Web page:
At the front of the house, to the right of rickety wooden porch steps, a section of rotting latticework had been pulled out and set aside revealing the entrance to a crawlspace beneath the house. The mouth of the pit was completely dark but the drone of the flies was so loud she could hear it from where she stood, and there was a cloud of flies at the entrance buzzing in and out.
“Corey.” Audrey Marsh’s voice was smoker’s rough as she pinched out her cigarette and pocketed the butt. “It’s good to see you.” She pulled Corey into a much stronger hug than her size suggested.
“Dr. Marsh, how are you?”
“Corey, I’m not going to tell you again about calling me Audrey. How long has it been since you were my student? Ten years? We’re colleagues.”
“Damn that makes me feel old.” Audrey sighed and lit another cigarette as she eyed her former student. “Are you up for this? Cin told me everything.”
“I’m much better Dr. Mar—um, Audrey,” Corey stammered, trying out her first name. “I’ve been cleared for work.”
Audrey nodded and took a long drag. “I wanted to come see you in the hospital but I was at conferences all summer. I only just got back before Webster and the police started blowing up my phone. I haven’t even unpacked.”
“It’s okay. Cin told me you were out of the country, and besides, I wasn’t very good company for a while.”
“Hmm.” Audrey took a long drag. “I hear you made a friend over the summer?”
Corey couldn’t help the grin that split her face at the mention of Thayer.
Audrey laughed and gripped her arms. “Love looks good on you, my young friend.” She took a final drag before pinching it out, her expression turning serious. “I’m glad you’re here today.”
Corey grimaced, acutely aware that they were chatting in very close proximity to an unidentified and rapidly decomposing body they were tasked with extricating from a very dark, very hot, and very small resting place. “I was pretty excited until I opened the car door.”
“I’ve done an awful lot of recoveries in my time, and you never really get used to it, but even I think this one will be rough.” Her eyes trained on the opening to the crawlspace.
Talking about it brought the stench to the forefront of Corey’s mind again and she coughed. “Hope you brought some gel.”
“Always.” Audrey produced a small jar of mentholated gel from her pocket, unscrewed the lid and dug her finger in. She swiped a glob beneath her nose and offered it to Corey. “It’s why I’ll never knock off the smoking. Nasty habit but kills the respiratory cilia.”
Corey did the same, smearing it under her nose to cut the foul air. “I better check in with Collier and get dressed.”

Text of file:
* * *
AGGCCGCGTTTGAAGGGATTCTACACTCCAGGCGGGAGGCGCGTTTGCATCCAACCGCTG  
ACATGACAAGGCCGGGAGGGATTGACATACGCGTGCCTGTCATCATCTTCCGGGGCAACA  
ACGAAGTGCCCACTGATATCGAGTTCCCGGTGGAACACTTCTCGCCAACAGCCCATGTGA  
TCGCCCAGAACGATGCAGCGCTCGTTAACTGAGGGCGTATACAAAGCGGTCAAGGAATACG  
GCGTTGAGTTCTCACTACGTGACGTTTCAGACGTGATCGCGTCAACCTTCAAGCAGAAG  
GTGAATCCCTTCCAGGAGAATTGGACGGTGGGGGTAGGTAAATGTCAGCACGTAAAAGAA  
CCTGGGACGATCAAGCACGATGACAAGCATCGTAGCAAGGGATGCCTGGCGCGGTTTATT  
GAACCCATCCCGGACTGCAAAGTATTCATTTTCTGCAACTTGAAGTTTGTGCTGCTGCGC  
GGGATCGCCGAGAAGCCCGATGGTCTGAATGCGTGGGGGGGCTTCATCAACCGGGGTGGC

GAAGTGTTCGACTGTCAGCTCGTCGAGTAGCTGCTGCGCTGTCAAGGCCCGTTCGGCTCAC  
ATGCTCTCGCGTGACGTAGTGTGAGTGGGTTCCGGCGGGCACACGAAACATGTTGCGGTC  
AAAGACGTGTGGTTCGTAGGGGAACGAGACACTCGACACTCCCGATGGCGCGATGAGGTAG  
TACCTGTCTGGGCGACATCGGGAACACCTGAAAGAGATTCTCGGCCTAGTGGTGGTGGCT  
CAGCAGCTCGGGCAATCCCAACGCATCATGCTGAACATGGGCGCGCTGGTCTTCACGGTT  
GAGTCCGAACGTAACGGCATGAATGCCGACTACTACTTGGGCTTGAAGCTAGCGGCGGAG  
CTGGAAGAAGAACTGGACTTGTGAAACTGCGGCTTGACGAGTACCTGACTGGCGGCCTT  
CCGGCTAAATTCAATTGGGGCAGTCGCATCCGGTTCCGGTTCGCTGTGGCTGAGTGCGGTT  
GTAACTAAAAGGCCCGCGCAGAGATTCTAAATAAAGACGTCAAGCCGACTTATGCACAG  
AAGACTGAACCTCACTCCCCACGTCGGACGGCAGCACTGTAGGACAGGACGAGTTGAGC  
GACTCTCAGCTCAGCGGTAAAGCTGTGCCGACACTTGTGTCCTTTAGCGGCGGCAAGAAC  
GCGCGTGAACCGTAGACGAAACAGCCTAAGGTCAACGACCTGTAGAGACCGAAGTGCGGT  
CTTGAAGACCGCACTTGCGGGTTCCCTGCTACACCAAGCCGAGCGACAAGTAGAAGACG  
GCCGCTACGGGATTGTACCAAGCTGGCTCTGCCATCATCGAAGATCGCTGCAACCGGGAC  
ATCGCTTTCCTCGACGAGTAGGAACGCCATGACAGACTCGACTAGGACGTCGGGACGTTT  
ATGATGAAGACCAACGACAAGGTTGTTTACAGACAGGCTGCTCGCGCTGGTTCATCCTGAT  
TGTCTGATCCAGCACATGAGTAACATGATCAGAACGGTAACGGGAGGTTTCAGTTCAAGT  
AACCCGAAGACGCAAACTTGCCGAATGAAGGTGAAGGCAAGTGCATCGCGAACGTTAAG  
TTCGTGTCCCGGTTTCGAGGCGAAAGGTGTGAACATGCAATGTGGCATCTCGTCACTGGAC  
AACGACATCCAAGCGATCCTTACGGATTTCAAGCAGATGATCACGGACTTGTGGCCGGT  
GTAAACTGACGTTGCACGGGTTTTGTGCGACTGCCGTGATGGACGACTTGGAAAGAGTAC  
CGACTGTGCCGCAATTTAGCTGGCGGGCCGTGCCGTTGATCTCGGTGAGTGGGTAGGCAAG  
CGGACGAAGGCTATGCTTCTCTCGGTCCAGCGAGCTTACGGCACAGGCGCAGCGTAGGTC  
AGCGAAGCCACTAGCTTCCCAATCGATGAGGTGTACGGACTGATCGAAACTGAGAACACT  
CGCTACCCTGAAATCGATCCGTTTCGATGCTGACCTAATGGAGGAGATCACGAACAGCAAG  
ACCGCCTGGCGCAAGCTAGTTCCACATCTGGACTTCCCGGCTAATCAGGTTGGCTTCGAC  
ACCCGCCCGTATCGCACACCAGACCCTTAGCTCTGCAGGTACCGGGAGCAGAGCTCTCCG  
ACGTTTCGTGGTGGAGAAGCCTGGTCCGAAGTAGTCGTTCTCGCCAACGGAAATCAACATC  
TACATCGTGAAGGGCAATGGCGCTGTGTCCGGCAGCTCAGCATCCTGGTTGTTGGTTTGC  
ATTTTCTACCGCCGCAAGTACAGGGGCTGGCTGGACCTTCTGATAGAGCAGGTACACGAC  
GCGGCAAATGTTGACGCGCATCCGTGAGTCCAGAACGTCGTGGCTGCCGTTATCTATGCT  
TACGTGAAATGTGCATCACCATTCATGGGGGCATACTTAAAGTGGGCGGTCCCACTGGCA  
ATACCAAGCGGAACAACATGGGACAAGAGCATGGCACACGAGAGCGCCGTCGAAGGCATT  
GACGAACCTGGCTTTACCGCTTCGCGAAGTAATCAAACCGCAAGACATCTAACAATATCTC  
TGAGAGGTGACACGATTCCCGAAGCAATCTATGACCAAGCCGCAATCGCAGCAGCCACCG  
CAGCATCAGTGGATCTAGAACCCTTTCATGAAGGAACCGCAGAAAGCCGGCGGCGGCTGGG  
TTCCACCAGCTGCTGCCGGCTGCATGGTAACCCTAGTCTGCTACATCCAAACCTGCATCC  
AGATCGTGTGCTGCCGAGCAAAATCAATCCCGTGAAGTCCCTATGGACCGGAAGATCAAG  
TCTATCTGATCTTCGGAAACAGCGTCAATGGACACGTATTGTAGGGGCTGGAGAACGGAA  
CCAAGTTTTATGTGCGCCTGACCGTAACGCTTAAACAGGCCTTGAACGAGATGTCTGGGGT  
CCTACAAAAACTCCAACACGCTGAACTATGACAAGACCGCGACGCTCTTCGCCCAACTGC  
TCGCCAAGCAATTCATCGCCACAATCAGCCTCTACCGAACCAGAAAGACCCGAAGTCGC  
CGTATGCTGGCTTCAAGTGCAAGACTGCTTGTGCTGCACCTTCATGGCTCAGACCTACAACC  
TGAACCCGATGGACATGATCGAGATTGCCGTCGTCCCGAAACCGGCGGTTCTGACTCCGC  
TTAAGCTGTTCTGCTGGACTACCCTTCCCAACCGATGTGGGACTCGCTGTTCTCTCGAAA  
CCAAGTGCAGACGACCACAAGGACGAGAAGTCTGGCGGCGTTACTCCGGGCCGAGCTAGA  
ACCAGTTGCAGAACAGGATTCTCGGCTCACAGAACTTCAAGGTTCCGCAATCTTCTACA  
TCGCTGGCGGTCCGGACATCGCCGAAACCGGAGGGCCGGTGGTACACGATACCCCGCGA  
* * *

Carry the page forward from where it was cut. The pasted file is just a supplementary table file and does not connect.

Audrey barked a laugh. “He’s as fun as ever.” She popped the trunk of her car to get her equipment. “See you in the trenches.”
Corey headed over to Jim Collier, who was looking especially disheveled with his tie loosened and his shirtsleeves rolled up. He was imposing at well over six feet tall with cropped graying hair and a gruff voice and demeanor. He was a sergeant with the Jackson City Police Department and they had often worked together when he was assigned cases that involved her postmortem exams. They had always had a friendly relationship, but since Corey’s injuries from her involvement in the previous case, they had begun to realize they were friends.
Today he stood with an unfamiliar female patrol officer, thumbs hooked into her duty belt and head on a swivel, her eyes hidden behind her aviators. She looked to be a few inches shorter than Corey, maybe five-foot-seven. She was powerfully built but still feminine even in the shapeless uniform and Kevlar vest.
Collier nodded between them as he scribbled in his ever-present notebook, which was like an extension of his hand. “Curtis, Austin. Austin, Curtis.”
Corey shook her head disapprovingly and extended her hand. “Corey.”
Collier glanced at Corey briefly. “You look different.”
She waved her left arm. “Got my cast off this morning.”
He grunted and coughed. “Just in time. I’d go down with you but it’s a tight fit.”
“My ass you would,” Corey shot back, noticing the twitch of a smile from Steph Austin. “I’m going to get set.” She headed back to her truck and Steph joined her.
Corey was already impressed with her. The air was so foul with decay you could taste it, and if Officer Steph Austin was bothered by it, she gave no indication. Maybe she was anosmic and couldn’t smell. “I can tell just by the way you stand that you’ve been doing this a while. You pull the short straw to get this gig?” she asked as she dropped the tailgate.